Imagine if every visitor that landed on your site was shown content especially geared toward their interests. That’s been the aim of Gravity, a startup that AOL has announced it plans to acquire for $90 million.
Gravity has already been working with some of AOL’s properties including TechCrunch to customize content for individual users as well as companies like NBC and Disney. The company works with websites to deliver personalized front pages, depending on each visitor’s interests.
In an interview with Kara Swisher of Recode, Gravity CEO Amit Kapur says the company’s technology uses the behavior of individual users determining what they most often read and share to customize their experience on a website. He explains:
“So you go to a home page instead of seeing a thousand links on the page, it’s what’s the best stuff for this individual user. And it’s done by leveraging implicit signal. Which means that you don’t have to ask the user what they are interested in. You can actually just look at what they’re reading, look at what they’re sharing and linking, and build what we call an interest graph.”
So when you show an interest in a particular topic, Gravity will show those relevant stories to you. This is done either by a Chrome extension, or by a widget placed at the bottom of each post on a site, in the form of “Recommended For You” or “What You Missed.”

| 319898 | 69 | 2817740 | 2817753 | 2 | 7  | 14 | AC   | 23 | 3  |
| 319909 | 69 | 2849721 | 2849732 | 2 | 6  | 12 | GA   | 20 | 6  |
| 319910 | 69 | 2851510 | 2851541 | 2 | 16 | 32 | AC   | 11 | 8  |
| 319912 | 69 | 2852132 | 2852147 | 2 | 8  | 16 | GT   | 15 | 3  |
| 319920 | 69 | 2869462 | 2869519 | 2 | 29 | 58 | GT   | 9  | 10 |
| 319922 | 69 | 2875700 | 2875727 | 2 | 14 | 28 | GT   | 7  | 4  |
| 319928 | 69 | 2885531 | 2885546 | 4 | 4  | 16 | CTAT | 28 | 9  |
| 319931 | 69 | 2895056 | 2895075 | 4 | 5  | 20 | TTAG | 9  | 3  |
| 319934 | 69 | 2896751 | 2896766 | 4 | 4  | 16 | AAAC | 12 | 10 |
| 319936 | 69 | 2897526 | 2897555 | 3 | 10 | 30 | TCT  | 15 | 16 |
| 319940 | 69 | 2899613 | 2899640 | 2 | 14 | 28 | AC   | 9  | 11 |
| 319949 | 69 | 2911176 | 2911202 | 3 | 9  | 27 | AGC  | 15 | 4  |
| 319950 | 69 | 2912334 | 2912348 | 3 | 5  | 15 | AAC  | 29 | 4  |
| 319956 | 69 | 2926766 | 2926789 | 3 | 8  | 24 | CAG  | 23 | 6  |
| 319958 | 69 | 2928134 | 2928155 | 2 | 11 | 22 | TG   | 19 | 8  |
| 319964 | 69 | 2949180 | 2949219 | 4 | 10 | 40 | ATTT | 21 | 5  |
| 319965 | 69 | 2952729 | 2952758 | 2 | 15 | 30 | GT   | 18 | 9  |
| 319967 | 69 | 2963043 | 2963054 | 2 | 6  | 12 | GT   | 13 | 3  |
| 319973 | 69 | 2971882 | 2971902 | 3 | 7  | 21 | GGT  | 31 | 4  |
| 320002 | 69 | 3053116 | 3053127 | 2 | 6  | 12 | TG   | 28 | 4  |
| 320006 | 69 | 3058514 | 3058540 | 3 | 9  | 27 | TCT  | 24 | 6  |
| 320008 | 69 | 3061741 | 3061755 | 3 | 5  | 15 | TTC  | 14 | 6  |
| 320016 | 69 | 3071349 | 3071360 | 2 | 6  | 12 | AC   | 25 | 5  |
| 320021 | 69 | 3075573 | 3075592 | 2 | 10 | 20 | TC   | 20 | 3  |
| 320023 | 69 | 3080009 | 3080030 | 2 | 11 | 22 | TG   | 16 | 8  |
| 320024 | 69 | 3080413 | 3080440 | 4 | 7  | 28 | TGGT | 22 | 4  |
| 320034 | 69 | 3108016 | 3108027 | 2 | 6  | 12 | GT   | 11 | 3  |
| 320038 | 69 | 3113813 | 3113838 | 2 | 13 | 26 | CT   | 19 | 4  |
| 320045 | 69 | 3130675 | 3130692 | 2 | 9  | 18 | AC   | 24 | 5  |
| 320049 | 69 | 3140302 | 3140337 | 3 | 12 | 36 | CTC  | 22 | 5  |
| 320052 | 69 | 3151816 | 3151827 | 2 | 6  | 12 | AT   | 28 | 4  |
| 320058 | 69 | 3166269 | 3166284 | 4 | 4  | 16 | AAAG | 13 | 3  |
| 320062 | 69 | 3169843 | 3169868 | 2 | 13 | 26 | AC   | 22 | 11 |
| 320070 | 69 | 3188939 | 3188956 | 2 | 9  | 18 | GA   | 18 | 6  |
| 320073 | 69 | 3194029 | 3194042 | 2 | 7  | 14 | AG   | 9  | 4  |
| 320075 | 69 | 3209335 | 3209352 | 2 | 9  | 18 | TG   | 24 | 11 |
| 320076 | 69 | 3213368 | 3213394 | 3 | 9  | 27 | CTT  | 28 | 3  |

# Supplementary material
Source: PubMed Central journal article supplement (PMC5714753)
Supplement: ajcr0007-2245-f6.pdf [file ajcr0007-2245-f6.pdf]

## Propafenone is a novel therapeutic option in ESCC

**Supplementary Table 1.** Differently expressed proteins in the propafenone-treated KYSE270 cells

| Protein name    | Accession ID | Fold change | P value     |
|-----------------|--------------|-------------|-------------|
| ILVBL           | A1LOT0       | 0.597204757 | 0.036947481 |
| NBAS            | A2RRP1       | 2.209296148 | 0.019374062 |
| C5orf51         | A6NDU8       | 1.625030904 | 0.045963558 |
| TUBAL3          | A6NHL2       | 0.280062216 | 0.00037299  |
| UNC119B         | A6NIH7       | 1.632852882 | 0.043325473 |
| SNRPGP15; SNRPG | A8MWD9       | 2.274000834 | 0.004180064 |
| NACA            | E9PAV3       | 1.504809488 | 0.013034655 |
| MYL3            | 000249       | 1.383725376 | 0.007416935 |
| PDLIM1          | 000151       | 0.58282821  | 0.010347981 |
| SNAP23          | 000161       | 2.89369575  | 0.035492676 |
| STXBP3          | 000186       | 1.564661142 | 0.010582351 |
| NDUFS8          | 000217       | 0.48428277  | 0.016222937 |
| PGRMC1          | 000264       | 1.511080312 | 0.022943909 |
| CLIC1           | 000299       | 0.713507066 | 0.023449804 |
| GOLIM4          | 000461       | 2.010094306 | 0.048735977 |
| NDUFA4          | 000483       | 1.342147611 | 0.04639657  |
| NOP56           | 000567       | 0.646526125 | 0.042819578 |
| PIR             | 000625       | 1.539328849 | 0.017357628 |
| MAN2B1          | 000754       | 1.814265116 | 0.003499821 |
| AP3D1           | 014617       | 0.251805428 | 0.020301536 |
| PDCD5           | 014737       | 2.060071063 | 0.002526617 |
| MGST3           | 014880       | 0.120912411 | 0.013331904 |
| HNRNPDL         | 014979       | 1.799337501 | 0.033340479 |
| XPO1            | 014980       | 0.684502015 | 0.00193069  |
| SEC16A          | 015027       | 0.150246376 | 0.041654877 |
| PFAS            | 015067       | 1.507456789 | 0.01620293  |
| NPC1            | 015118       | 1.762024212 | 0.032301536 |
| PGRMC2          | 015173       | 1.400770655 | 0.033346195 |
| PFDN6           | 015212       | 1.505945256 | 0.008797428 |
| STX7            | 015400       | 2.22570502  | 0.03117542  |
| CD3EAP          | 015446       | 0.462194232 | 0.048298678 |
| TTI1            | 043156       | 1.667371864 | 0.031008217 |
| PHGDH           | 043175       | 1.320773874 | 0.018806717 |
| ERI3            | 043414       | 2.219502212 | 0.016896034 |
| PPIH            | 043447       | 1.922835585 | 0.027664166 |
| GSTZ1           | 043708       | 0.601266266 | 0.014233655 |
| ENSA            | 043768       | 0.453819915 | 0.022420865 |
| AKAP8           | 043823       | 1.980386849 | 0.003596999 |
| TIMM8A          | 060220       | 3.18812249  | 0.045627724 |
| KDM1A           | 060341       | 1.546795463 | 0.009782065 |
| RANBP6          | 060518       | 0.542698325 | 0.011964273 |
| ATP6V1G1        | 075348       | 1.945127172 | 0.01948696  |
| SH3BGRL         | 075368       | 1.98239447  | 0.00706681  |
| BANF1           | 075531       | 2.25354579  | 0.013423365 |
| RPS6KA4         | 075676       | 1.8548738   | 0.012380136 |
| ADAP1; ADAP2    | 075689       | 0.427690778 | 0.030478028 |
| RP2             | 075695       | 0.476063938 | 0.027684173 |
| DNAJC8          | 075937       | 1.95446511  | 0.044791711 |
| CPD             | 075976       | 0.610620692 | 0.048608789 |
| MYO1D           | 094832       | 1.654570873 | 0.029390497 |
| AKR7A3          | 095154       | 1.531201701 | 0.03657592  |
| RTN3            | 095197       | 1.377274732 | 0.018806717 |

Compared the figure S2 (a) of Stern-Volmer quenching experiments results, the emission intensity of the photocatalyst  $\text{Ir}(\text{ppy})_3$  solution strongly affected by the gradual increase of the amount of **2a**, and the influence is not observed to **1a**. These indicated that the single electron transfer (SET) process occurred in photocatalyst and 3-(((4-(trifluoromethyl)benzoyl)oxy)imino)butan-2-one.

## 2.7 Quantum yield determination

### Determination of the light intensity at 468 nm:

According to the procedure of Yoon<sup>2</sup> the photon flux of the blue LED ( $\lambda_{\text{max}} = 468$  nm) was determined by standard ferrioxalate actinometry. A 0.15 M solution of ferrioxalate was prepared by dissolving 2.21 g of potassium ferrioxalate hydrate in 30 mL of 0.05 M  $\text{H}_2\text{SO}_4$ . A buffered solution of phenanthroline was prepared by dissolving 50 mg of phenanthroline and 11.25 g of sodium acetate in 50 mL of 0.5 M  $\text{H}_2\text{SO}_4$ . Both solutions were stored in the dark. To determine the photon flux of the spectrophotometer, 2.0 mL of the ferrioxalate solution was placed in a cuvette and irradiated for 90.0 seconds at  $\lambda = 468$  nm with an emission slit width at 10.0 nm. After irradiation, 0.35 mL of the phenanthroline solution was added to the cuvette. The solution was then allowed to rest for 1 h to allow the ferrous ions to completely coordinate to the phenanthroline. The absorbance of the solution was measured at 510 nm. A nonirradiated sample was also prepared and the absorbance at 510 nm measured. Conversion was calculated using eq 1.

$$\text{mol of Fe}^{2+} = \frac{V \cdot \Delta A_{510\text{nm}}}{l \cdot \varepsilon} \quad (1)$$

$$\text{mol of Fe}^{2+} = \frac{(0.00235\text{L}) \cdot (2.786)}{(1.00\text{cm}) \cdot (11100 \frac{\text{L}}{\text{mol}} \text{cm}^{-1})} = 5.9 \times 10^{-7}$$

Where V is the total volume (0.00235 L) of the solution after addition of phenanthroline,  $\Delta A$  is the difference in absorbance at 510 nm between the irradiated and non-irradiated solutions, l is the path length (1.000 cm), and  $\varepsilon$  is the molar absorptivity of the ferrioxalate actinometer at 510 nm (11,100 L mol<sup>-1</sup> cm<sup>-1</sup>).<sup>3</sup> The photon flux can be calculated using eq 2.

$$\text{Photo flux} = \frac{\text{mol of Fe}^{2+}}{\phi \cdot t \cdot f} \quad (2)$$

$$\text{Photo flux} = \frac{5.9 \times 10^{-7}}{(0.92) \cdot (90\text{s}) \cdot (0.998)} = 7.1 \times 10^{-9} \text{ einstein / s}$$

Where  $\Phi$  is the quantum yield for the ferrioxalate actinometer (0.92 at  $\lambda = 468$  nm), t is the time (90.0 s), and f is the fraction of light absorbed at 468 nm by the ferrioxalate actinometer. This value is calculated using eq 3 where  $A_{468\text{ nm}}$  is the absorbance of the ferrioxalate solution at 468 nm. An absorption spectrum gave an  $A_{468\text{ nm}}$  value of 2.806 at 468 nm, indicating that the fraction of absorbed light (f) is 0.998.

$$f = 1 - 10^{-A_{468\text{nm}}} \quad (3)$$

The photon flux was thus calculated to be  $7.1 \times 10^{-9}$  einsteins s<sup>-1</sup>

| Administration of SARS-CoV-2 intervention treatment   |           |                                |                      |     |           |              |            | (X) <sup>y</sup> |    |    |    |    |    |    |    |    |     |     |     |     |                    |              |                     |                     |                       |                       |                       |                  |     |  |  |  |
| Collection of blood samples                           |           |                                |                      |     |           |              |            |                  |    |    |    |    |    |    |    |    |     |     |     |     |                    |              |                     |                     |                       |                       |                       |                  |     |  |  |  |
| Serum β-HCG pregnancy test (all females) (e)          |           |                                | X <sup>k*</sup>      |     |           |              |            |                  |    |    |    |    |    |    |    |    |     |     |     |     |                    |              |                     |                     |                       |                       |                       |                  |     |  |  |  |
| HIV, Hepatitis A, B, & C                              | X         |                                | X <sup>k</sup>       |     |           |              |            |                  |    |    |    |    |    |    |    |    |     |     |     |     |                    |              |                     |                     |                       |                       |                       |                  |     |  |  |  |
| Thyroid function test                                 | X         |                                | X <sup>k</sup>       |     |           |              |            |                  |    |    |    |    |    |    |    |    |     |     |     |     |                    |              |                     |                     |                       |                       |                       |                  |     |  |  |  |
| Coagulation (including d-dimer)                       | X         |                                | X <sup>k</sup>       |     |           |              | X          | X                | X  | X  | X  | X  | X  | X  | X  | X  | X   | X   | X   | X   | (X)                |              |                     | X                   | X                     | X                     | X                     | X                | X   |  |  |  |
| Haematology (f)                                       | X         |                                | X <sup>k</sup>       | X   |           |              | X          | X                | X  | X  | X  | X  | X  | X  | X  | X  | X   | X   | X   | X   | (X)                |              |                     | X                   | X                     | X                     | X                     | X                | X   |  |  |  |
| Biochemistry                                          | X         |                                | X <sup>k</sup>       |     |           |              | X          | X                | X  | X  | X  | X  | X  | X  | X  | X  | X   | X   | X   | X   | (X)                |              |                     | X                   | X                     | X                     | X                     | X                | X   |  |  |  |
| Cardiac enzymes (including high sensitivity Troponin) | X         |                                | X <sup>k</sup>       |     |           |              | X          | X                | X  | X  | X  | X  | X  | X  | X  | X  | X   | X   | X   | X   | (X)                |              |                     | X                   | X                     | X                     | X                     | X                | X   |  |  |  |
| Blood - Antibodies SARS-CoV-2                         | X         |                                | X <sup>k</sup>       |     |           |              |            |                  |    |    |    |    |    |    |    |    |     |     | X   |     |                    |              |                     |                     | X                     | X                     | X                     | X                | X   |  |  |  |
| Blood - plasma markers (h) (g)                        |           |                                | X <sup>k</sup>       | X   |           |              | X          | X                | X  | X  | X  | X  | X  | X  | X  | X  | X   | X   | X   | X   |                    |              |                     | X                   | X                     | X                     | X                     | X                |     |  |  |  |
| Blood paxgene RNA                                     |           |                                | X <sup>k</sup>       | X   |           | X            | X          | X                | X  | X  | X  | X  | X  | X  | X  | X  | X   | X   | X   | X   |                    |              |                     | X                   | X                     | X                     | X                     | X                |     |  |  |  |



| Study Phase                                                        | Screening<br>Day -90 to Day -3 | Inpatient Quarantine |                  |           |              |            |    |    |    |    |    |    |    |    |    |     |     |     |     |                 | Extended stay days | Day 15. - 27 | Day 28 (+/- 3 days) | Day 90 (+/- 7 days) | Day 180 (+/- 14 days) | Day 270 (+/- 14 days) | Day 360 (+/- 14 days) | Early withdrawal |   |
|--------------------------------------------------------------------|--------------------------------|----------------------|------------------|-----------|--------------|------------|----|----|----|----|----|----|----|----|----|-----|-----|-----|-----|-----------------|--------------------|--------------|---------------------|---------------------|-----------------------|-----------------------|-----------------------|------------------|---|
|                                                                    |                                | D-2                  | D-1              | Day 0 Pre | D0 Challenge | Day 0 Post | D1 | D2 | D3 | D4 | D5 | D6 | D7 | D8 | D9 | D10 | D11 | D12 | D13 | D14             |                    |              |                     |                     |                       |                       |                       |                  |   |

Gravity claims to index more than 1 billion pageviews each month, and that its personalized sites increase engagement by 240 percent compared to non-personalized Web properties. The company has also launched an API which gives anybody the ability to personalize their site.
AOL CEO Tim Armstrong told Swisher:
“We think we can get a clearer signal with content with personalization to improve our results and better monetize what we offer. AOL is going to be a super-customer of Gravity. But this is about extending those capabilities even further as personal becomes the most important signal for publishers and advertisers.”
Armstrong said Gravity will continue to operate as an individual brand based in Santa Monica, Calif.
It’s been awhile since I’ve heard about AOL moving and shaking, but this sounds pretty cool. Cool enough that I wonder how they beat Yahoo to the punch (given Yahoo’s recent acquisition binge).